Pebble Rock Driveway Guide

A pebble rock driveway gives your landscaping a more natural look than the regular standard concrete, and it can be quite the talk of the town if you play your cards right. To do this project on your own however, you will need a lot of materials and tools as well as a lot of patience. If you combine the needed tools and patience, you should come out with a finished project you can be proud of for years to come. 

Materials Needed

  • Plywood for each 280 inches of driveway
  • Plywood large enough to stand on when applying pebbles
  • Skill saw
  • More pebbles/river rock than actually is need (you need to multiply the width by the length to know the area that the pebbles need to cover plus a few extra)
  • One 2 x 4
  • 1x2’s (you need to have them be one foot for every 24 inches of driveway)
  • Box of 1-½  inch roofing nails
  • Slow cure concrete
  • Concrete mixing tub
  • Concrete shovel
  • Re-bar (you need to have enough to make a two foot per square grid)
  • Wire coat hanger
  • 80 pounds of concrete (one bag per square foot of driveway)
  • Wet rag and water
  • Rental of a concrete saw
  • Concrete sealer with a paint brush
  • Sledge hammer
  • Hack saw
  • Safety gear 

Step 1 - Pick Out Your Rocks

Find the perfect rocks. Those would be most often the smooth river rocks. They should be relative small. For example, just big enough to fit in your mouth with it closed.

Step 2 - Setup the Plywood

Next you will want to cut up 6 inch strips of plywood. You will measure these out as parallel lines on plywood. You will begin by starting at the top corner and measure down 6 inches on either side of the plywood. Use a 2x4 to measure between marks. The lines must be 6 inches from the edge on all the locations.

Step 3 - Cut the Plywood

The next thing you will do is to cut all of these pieces of wood with your skill saw. You will need enough of these wood strips to be able to go around the entire perimeter of your driveway. This will be a guide for the concrete.

Step 4 - Dig a Trench

Now you need to dig a 6 inch trench all around the perimeter of the driveway. You will need the sledge hammer to pound down all of the ground that is part of the driveway. You will need to dig out an extra 2 inches for the areas that will have stakes placed in them.

Step 5 - Setup Stakes

Take your 1x2 boards and cut them into 12 inch pieces. Make sure that one end of each piece of wood is cut at a very sharp angle. Spacing the stakes no farther apart than 2 feet, pound the stakes into the ground to help support the wooden form of the driveway. Nail the form to the stakes.

Step 6 - Direct Water Away

If the driveway is against concrete that is already there like a sidewalk, place the wood right against the concrete that is already there. Make sure that the concrete is curved from the center of the driveway and then the curve lessens as you start going towards the edges of the driveway. This is to direct water away from the center of the driveway.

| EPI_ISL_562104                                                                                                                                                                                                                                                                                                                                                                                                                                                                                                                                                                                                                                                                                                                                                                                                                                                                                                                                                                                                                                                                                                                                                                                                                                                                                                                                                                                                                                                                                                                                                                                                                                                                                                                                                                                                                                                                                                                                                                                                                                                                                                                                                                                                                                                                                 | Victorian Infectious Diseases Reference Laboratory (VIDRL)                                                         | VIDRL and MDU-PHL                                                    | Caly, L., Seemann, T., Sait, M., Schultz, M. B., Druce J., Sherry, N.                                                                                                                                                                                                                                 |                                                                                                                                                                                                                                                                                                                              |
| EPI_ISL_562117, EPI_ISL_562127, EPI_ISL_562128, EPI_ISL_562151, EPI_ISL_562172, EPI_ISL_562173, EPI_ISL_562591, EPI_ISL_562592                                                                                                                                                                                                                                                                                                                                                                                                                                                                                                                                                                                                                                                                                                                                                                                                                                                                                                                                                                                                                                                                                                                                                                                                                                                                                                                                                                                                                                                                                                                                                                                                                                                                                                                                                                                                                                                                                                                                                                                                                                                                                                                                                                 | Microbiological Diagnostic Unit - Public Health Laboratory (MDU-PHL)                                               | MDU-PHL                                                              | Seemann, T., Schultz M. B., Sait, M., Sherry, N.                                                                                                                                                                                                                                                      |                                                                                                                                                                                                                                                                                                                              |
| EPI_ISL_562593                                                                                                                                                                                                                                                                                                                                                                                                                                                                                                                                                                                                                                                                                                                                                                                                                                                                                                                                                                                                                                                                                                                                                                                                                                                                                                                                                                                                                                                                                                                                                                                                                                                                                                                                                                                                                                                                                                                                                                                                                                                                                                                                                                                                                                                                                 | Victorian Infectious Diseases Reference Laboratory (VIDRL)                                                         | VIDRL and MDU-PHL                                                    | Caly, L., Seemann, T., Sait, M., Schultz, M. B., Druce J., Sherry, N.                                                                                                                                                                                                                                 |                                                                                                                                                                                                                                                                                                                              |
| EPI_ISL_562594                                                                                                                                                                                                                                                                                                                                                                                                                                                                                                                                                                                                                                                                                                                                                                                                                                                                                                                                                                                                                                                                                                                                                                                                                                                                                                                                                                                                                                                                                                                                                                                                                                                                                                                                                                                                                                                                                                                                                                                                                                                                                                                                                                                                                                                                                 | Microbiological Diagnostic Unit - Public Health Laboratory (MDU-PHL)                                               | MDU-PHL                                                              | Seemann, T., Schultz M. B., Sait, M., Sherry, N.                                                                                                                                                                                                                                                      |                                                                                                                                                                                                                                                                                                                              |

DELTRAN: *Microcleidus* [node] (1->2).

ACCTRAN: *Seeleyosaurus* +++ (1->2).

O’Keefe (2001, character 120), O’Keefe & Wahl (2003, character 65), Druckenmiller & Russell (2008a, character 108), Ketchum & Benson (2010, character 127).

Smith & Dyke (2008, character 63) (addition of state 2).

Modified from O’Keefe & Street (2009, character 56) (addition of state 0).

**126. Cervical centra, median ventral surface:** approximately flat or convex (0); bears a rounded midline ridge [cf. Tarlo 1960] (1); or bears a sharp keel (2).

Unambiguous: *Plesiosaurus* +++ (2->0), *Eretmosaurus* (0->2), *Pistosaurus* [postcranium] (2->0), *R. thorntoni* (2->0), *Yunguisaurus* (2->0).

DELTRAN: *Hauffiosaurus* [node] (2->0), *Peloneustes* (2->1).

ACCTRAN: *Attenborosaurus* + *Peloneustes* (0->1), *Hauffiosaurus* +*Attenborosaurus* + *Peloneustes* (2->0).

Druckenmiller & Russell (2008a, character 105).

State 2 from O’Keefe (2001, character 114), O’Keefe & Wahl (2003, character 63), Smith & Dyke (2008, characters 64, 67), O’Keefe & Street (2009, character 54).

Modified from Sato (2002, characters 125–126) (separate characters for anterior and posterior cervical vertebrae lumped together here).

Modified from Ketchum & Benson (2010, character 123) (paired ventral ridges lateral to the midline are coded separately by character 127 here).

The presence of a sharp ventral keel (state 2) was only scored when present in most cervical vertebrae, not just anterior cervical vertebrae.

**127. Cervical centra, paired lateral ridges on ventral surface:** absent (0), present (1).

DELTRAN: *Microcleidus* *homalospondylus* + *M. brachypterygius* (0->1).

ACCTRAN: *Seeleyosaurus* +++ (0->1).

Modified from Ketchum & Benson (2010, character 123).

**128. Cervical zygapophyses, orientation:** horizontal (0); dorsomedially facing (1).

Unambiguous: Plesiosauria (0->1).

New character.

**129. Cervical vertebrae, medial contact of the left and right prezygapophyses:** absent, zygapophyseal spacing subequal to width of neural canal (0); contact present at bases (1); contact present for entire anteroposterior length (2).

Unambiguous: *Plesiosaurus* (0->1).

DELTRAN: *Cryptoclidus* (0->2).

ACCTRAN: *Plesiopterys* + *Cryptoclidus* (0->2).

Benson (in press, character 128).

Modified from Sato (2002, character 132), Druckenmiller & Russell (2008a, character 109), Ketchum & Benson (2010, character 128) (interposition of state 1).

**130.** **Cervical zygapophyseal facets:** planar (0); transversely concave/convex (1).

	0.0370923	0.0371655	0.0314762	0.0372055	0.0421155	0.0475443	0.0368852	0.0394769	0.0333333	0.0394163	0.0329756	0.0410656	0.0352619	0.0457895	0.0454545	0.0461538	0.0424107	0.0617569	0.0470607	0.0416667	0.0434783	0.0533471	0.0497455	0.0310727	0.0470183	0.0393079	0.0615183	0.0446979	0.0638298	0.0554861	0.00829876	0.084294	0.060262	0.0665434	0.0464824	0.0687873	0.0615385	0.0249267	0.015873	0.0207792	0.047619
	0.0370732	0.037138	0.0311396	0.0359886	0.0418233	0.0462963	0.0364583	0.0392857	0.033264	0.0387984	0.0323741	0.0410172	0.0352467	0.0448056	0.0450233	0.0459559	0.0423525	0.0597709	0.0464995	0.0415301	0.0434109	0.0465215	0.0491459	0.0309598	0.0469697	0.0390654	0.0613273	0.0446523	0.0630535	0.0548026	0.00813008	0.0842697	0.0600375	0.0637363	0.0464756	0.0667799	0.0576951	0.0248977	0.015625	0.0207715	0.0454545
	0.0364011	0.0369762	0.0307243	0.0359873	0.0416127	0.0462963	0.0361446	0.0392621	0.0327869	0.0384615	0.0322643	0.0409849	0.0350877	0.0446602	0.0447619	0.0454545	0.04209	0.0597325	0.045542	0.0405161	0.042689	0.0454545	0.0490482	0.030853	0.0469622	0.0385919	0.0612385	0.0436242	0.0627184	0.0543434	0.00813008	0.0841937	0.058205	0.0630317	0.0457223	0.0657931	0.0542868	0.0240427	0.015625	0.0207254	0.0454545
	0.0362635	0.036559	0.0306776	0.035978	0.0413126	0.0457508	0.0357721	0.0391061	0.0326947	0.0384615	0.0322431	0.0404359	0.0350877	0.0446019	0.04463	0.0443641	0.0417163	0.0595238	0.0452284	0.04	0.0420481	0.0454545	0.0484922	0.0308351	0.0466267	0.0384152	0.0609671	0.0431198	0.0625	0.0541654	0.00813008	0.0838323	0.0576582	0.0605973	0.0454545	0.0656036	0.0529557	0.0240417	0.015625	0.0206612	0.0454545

Step 7 - Reinforce the Concrete

To reinforce the concrete form you will need to use your re-bar. What you will need to do is to put the re-bar in a grid like pattern on the concrete form. Make sure to cut the re-bar to size with a hack saw. Make sure the re-bar fits the length and width of the form. Now take the wire coat hanger and tie the re-bar form together so that it does not come apart. You will now need to make sure the re-bar is suspended just slightly above the ground. You do this by pounding in a little bit of the vertical bar into the ground and tying with coat hanger.

Step 8 - Mix the Concrete

Now begin mixing the concrete. You will need the shovel and concrete tub to do this. You should spray the water into the mix and not dump it in all at once. Make sure to follow the directions on the bag adding water as needed while mixing the concrete. You will need to move fast on the step, even though the mix may be slow curing you still need to make sure that it is done mixing before it starts to set. You need for it to be easy to spread and able to insert the pebbles before it is beginning to harden.

Step 9 - Smooth the Concrete

Once the concrete is poured get someone to help you take the single piece of plywood and take a hold of each end and run the plywood across the surface of the wet concrete to smooth and make even.

Put a piece of plywood on the wet concrete as a work area and begin laying pebbles from one end, moving the board as you go, to the other end of the driveway.

Step 10 - Place the Pebbles

As you are placing the pebbles in the concrete, make sure to place them one at a time in the fashion that you want them to be placed. Make sure you still have someone helping you as the concrete will dry faster than one person laying the rocks.

When you are done with the rocks, you should take a wet rag and wipe off all the rocks so that the tops of them do not have any excess concrete on them.

Step 11 - Finish the Project

When you are finished with that, spray the driveway lightly and cover it with a tarp while the driveway is setting. The final thing you will need to do is after it is set is take concrete sealant and cover the entire driveway.